Then the tumbling started, over and over like being stuck in a giant washing machine filled with snow. My hat and mittens were quickly ripped off along with both my skis. Snow went everywhere, down my neck, up my sleeves, down my underwear, even under my eyelids, something I would have never imagined. Every time I opened my mouth to breathe, the avalanche kind of injection-molded my mouth and throat full of snow. I spat out the plug of ice and with the next breath just rammed my throat full of snow again. Just when I needed to breathe the most, I couldn’t. Drowning to death, high in the mountains, in the middle of winter and miles from the nearest water.
But after a long while, after I was about to pass out from lack of air, the avalanche began to slow down and the tumbling finally stopped. I was on the surface and I could breathe again. But as I bobbed along on the soft, moving blanket of snow, which had slowed from about 50 miles per hour to around 30, I discovered that my body was quite a bit denser than avalanche debris and it tended to sink if it wasn’t swimming hard.
I swam hard to stay on the surface, but something was pulling one of my legs down. This was in the days before ski brakes and I had safety straps attaching my skis to my boots. One had already torn free somehow but the other one felt like a boat anchor tied to my leg. The ski was beneath me in the slower moving debris and as the surface debris moved faster, it tipped me forward, shoving my face in the snow again and I struggled hard to pull that ski up through the debris with my furious swimming. Eventually, the swimming worked, and when the avalanche finally came to a stop I found myself buried only to my waist, breathing hard, very wet and very cold.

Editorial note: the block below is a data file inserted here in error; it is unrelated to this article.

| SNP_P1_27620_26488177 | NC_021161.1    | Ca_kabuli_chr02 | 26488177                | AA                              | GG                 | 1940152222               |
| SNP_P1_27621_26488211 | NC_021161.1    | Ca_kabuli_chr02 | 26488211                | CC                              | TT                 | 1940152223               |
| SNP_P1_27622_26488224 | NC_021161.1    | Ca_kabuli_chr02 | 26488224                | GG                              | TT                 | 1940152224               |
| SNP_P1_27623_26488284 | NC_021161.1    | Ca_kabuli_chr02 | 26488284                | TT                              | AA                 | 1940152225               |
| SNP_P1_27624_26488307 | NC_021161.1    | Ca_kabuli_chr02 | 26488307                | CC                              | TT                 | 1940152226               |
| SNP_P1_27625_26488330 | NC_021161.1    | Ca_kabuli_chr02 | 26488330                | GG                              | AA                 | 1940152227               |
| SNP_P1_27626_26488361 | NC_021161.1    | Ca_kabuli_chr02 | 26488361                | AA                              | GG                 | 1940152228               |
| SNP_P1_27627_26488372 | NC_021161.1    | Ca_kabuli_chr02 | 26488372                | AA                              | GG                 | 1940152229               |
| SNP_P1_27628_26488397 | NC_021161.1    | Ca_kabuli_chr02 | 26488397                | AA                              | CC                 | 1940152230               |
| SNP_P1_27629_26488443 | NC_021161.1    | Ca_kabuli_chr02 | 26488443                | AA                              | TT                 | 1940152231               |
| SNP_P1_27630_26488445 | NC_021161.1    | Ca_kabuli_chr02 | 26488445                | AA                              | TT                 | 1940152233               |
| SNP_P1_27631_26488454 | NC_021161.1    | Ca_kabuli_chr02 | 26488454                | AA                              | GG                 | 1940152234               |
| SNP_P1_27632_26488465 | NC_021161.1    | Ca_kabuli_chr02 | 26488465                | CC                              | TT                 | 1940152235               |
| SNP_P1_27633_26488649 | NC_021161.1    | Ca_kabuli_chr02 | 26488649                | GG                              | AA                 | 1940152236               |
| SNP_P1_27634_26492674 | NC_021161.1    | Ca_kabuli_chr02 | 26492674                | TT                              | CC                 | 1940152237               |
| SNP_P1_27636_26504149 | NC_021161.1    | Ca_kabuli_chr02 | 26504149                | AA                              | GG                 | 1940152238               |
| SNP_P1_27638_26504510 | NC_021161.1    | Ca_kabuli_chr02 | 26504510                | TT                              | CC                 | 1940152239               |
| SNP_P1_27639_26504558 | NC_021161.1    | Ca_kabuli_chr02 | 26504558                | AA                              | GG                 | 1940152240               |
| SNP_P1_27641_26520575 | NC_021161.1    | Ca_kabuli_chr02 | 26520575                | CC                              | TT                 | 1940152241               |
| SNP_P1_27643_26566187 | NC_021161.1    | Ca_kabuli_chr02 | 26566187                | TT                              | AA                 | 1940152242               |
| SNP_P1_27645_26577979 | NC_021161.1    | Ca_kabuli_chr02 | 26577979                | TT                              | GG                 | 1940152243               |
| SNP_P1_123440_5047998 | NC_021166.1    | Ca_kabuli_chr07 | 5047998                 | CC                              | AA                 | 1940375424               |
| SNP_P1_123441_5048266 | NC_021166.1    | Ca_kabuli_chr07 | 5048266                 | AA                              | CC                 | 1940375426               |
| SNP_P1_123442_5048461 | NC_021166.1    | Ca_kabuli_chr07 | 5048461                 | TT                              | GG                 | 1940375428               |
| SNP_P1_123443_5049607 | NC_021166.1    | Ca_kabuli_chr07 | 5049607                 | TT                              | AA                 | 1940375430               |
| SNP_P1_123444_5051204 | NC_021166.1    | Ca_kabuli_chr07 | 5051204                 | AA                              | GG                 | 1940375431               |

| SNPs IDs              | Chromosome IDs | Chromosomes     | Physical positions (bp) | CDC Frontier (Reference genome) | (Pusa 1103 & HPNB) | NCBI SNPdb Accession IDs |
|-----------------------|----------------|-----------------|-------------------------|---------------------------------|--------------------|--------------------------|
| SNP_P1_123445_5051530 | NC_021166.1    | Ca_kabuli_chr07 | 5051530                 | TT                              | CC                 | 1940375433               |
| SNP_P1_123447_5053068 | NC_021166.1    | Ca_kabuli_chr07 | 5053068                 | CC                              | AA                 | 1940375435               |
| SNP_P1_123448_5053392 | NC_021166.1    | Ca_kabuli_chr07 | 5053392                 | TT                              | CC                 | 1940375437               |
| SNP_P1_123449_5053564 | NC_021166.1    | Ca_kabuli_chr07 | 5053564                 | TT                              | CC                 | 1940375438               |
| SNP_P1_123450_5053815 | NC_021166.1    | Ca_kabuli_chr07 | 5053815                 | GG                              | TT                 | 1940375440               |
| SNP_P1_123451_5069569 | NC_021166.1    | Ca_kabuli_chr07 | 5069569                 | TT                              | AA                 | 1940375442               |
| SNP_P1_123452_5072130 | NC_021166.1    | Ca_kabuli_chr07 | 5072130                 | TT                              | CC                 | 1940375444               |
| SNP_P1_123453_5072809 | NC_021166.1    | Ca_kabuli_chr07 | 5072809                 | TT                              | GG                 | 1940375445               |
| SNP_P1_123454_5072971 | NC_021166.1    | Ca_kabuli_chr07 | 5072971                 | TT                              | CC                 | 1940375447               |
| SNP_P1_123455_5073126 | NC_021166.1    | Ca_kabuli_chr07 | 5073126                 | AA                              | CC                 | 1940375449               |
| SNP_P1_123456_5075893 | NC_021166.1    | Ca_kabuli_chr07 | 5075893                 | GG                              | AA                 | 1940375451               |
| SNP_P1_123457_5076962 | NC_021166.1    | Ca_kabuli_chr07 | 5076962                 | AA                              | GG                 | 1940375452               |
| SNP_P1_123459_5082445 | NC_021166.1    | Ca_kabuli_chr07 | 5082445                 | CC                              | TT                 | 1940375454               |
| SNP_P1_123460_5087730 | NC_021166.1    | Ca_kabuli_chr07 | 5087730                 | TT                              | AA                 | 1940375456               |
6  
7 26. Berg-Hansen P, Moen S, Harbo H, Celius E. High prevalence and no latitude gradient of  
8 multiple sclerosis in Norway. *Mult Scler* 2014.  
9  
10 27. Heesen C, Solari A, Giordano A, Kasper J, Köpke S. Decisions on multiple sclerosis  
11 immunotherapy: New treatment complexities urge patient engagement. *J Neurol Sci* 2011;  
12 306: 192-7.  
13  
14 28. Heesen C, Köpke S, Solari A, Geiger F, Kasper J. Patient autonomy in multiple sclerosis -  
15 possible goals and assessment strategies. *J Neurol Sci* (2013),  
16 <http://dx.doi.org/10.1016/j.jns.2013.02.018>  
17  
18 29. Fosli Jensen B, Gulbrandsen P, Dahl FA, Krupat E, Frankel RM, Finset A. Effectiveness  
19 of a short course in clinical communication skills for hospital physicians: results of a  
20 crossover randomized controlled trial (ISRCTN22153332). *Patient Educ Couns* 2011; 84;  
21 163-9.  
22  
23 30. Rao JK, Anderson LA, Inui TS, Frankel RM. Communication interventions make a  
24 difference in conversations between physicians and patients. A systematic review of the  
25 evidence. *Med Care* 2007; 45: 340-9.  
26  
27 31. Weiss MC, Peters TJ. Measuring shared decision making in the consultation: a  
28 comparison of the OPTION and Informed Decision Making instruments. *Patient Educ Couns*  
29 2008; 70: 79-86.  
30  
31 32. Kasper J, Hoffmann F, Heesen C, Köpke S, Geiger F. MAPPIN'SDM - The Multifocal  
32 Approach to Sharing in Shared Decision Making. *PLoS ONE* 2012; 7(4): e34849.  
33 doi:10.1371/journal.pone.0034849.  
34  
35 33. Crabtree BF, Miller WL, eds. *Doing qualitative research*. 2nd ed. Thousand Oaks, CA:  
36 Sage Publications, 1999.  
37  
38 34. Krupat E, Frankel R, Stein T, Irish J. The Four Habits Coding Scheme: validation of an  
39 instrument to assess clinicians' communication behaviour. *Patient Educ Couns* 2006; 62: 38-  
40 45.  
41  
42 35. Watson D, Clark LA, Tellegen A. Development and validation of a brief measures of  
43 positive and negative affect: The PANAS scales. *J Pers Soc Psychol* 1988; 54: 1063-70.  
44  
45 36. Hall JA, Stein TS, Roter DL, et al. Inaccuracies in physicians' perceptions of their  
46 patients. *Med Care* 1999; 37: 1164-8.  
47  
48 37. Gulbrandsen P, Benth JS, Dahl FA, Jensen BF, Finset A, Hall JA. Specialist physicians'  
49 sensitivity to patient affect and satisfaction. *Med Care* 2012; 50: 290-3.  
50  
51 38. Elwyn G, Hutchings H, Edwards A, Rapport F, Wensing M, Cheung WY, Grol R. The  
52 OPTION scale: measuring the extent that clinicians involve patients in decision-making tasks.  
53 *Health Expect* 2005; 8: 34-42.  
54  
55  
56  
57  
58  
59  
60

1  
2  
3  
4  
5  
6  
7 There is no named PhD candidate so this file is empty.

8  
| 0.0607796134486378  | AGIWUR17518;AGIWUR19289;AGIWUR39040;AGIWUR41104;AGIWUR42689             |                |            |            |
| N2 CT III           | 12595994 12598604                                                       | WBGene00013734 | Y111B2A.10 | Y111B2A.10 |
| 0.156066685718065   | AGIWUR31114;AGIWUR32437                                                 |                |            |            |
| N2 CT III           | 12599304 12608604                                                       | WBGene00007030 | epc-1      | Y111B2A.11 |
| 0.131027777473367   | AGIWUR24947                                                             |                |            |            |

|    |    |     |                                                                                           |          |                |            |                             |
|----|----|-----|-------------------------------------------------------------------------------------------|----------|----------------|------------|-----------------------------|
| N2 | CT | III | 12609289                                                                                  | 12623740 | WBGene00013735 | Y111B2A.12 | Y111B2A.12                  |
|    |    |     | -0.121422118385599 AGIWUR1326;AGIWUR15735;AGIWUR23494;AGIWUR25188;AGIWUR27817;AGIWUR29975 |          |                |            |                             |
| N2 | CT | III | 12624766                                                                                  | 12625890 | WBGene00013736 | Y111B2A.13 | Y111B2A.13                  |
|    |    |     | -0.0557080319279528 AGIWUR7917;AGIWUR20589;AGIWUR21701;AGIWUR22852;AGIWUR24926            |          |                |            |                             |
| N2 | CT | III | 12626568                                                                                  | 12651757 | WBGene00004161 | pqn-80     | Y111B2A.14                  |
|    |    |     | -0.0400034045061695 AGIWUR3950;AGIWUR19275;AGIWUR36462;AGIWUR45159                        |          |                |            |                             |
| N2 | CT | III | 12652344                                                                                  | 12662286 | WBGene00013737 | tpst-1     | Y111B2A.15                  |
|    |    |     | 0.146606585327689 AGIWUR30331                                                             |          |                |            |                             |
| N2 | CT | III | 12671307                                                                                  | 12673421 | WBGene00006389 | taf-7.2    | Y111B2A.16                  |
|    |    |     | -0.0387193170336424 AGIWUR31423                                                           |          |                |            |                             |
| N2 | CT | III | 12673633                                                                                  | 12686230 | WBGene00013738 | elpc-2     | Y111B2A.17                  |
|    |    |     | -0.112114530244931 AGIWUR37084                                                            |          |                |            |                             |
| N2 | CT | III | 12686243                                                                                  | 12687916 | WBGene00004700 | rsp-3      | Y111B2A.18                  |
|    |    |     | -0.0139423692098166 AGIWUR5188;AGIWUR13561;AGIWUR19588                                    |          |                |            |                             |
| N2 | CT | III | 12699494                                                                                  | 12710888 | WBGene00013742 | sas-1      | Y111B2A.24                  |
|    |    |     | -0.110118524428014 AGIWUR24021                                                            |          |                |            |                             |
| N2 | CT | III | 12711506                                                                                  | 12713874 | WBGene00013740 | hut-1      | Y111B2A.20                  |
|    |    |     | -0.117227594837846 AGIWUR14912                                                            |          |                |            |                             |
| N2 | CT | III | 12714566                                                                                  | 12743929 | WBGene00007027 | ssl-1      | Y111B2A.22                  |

I remembered from the avalanche books that debris instantly sets up like concrete as soon as it comes to a stop but its one of those facts that you don’t entirely believe. But sure enough, everything below the snow surface was like a body cast. Barehanded, (the first thing an avalanche does is rip off your hat and mittens) I chipped away at the rock-hard snow with my shovel for a good 5 minutes before I could finally work my legs free. On one foot, the heelpiece of the binding hung from the safety strap with a six-inch section of the top-skin of the ski still attached to the screws. It had pulled completely off the ski. On my other foot, the ski was still intact but both the tip and the tail were broken. It has always been a mystery to me how it could have broken both skis, yet none of my bones.